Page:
Beloved Promoter Barry MacKay, 76, Passes



Barry MacKay: "It wasn’t so much about his pedigree. It was his giving spirit, his love of the game, his ability to engage all."

The Big Bear just could have just mumbled, “no way.”

He could have said, “Who are you, you’re not part of the old boys network. You know what, my friend, I just don’t believe in ‘no-resume’ dreamers, don’t waste my time.”

But that wasn’t Barry MacKay.  When I went over to MacKay’s Sausalito office 32 years ago  to see if he could help launch a new magazine I was calling Inside Tennis, the great tennis man said, “Come on in Bill, sit down, so what do you have in mind, let’s see what we can do.” That was Barry. Few in this sport had a bigger heart or a more generous spirit. And few in the game reflected as well the arc of this sport over the past six decades.

In his Marin County office (near the houseboats where the hippies, the Buddhists and beautiful people lived in harmony),  there was a huge fishbowl  jammed with credentials from scores of tournaments from around the world. I was impressed.

Barry was everywhere in tennis: at The Racquet Club of Memphis or lumbering down the press hallway behind Court Centrale at Roland Garros; playing an exhibition with Prince Ranier in Monte Carlo or whispering into his mike in his almost soothing, “aww shucks” manner from the Grandstand at the U.S. Open. You’d seem him catching up on gossip with Billie Jean or super agent Donald Dell or whispering into John McEnroe’s ear.

MacKay, who passed on June 15th at age 76, after a long stomach illness and months in the hospital, was a beloved figure.

It wasn’t so much about his pedigree. It was his giving spirit, his love of the game, his ability to engage all. Look at it this way:  the hulking guy they called “The Ohio Bear,” who was his state’s tennis high school champ, actually went on to be a star at Michigan, where he won the 1957 NCAA championships. The guy he beat in the NCAA finals was Sammy Giamalvea.  Twenty-four years later, Giamalva’s kid, Sammy Giamalva Jr., won a tournament MacKay promoted in Napa. In 1959 and 1960, Barry won the Bay Area tournament he would come to own.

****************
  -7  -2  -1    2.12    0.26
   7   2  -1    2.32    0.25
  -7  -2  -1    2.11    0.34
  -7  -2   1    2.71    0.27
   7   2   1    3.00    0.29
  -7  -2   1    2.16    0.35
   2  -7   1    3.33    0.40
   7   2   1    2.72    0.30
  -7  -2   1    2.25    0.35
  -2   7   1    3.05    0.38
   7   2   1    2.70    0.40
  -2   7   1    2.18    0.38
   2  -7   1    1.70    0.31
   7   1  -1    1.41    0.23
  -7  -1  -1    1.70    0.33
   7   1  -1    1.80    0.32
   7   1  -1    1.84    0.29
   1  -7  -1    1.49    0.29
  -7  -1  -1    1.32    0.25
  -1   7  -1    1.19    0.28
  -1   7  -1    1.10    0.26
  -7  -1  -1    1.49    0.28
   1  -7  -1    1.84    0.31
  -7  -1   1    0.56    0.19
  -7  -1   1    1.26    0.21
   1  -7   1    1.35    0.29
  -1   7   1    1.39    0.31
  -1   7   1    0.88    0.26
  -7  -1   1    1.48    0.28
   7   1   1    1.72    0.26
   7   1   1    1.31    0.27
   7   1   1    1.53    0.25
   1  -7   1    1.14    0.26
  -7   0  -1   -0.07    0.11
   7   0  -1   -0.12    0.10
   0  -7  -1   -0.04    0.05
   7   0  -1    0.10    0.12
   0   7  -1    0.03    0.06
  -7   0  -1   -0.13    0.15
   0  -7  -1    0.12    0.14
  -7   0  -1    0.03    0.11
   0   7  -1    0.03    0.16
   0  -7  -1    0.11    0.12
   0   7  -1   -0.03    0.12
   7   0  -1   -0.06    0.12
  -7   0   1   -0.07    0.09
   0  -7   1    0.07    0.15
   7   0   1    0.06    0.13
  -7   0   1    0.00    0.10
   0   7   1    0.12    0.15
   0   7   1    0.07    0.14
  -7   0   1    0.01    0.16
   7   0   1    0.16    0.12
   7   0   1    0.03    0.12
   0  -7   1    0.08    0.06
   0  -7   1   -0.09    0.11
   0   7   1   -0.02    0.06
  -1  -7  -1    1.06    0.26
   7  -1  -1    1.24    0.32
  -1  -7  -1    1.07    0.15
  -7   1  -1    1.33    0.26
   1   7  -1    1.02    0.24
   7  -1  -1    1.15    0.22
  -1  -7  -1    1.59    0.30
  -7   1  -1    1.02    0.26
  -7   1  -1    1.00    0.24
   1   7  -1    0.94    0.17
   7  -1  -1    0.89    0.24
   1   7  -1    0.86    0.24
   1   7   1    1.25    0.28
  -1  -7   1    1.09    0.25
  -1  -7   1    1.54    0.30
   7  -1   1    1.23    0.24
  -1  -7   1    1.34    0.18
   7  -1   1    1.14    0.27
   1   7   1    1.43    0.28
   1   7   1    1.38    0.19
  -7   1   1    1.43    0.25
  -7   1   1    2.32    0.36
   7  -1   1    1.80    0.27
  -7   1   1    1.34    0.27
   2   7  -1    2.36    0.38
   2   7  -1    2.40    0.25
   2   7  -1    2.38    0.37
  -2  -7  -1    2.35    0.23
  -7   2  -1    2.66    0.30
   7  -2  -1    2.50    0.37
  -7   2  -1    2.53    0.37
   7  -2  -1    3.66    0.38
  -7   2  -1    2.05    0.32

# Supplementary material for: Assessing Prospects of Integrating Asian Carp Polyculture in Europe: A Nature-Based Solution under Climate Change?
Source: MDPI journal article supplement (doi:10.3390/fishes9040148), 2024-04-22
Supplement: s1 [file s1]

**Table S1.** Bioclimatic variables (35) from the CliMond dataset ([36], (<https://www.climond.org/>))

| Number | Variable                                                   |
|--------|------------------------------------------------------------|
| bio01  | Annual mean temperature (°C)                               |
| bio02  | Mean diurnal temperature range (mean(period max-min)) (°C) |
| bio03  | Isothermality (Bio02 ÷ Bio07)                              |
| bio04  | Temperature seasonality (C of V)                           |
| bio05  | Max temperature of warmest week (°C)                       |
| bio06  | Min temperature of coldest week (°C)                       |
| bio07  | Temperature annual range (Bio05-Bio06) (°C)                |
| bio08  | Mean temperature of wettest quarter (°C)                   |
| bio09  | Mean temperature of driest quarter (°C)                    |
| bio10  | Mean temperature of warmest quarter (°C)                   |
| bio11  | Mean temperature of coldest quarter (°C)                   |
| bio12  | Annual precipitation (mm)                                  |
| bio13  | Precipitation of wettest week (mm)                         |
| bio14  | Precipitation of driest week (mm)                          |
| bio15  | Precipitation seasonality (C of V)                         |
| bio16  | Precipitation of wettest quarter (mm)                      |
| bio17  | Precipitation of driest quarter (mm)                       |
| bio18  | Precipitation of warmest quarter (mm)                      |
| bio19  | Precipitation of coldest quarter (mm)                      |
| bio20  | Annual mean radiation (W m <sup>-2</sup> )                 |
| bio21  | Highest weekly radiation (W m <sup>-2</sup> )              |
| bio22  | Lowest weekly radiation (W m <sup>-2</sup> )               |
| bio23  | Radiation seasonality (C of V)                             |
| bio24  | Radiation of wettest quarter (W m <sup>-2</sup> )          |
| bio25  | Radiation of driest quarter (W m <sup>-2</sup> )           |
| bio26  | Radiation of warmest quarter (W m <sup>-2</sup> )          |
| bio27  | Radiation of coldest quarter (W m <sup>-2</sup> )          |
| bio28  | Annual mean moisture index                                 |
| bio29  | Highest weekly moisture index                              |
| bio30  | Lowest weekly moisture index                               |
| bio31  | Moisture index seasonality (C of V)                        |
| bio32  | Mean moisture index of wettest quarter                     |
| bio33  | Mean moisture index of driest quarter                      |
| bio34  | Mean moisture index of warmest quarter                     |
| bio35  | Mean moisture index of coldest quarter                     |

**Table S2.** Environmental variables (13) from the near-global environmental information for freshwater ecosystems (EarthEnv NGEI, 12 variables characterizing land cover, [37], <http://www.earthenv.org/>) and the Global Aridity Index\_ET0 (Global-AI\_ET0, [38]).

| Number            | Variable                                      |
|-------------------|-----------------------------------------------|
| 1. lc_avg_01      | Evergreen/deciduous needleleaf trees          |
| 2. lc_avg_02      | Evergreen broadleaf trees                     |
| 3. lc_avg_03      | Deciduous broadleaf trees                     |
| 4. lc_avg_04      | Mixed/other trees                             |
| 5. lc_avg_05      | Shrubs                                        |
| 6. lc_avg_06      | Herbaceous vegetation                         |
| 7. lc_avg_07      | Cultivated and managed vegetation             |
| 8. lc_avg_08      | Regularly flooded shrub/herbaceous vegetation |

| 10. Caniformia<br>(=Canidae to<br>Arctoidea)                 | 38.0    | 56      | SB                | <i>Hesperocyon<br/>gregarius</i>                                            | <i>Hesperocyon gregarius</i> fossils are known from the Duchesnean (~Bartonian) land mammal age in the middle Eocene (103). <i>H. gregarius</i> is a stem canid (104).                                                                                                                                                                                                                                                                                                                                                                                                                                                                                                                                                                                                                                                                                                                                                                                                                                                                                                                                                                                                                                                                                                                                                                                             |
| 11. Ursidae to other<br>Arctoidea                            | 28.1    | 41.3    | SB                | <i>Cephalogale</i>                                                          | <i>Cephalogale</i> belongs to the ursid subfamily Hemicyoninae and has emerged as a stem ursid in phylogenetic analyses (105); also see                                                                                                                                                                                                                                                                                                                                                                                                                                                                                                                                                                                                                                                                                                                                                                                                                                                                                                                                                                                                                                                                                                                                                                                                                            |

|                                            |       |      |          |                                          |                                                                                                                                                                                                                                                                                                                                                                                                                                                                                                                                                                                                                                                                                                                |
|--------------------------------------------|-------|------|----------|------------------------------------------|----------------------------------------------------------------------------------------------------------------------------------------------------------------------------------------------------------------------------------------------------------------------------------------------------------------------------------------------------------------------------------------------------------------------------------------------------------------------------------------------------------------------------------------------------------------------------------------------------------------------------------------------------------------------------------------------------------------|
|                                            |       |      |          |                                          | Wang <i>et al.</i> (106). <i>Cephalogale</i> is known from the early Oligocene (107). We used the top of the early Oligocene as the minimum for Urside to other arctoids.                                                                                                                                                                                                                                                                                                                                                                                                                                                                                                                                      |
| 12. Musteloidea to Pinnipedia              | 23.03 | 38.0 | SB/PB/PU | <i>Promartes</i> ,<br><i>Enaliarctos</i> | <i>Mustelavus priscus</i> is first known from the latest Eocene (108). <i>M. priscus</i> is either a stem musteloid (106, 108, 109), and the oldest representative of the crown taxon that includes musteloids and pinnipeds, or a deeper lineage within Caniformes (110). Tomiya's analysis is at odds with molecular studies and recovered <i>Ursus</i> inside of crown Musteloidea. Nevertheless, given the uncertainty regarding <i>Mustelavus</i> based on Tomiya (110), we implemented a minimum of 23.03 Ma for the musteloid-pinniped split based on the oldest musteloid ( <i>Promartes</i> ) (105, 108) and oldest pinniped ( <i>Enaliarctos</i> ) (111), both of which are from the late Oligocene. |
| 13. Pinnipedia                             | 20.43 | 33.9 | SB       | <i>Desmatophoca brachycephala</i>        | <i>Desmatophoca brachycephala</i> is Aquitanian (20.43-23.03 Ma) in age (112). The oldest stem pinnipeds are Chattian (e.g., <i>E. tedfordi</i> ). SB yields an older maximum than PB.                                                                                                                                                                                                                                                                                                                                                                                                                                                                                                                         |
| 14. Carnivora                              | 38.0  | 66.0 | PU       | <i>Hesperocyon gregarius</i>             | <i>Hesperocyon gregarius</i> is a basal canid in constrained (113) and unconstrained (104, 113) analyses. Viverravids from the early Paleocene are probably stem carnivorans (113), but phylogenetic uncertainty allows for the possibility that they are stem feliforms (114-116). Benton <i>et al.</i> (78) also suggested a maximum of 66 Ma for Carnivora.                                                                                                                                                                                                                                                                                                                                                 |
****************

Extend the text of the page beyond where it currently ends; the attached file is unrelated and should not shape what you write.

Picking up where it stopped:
Barry was an old school serve and volleyer who, in the ’59 Wimbledon semis, narrowly lost in five sets to someone named Rod Laver, the low-key Aussie with the short red hair. Yet he would come to cultivate the over-the-top baseliner Andre Agassi, with his long mullet. MacKay ran a tournament. He was a businessman, but get this: players actually adored the guy. He would pick them up at the airport, arrange for cars and tee times, and oh did he love to lace up his sneakers and warm up Ivan Lendl or some little-known hopeful. “Barry could schmooze and work with many a high-maintenance player or sponsor,” said SAP Tournament Director Bill Rapp. “A lot of people think of big ideas, Barry actually stepgped up. What an impact he had.”

Stanford coach Dick Gould added, “I never met a person who met “The Bear” who didn’t have anything but exemplary things to say about him. I didn’t know anyone who knew him who didn’t love him.” Former USTA NorCal Executive Director Pete Herb said, “I could always see his smile, even if he was just on the phone.”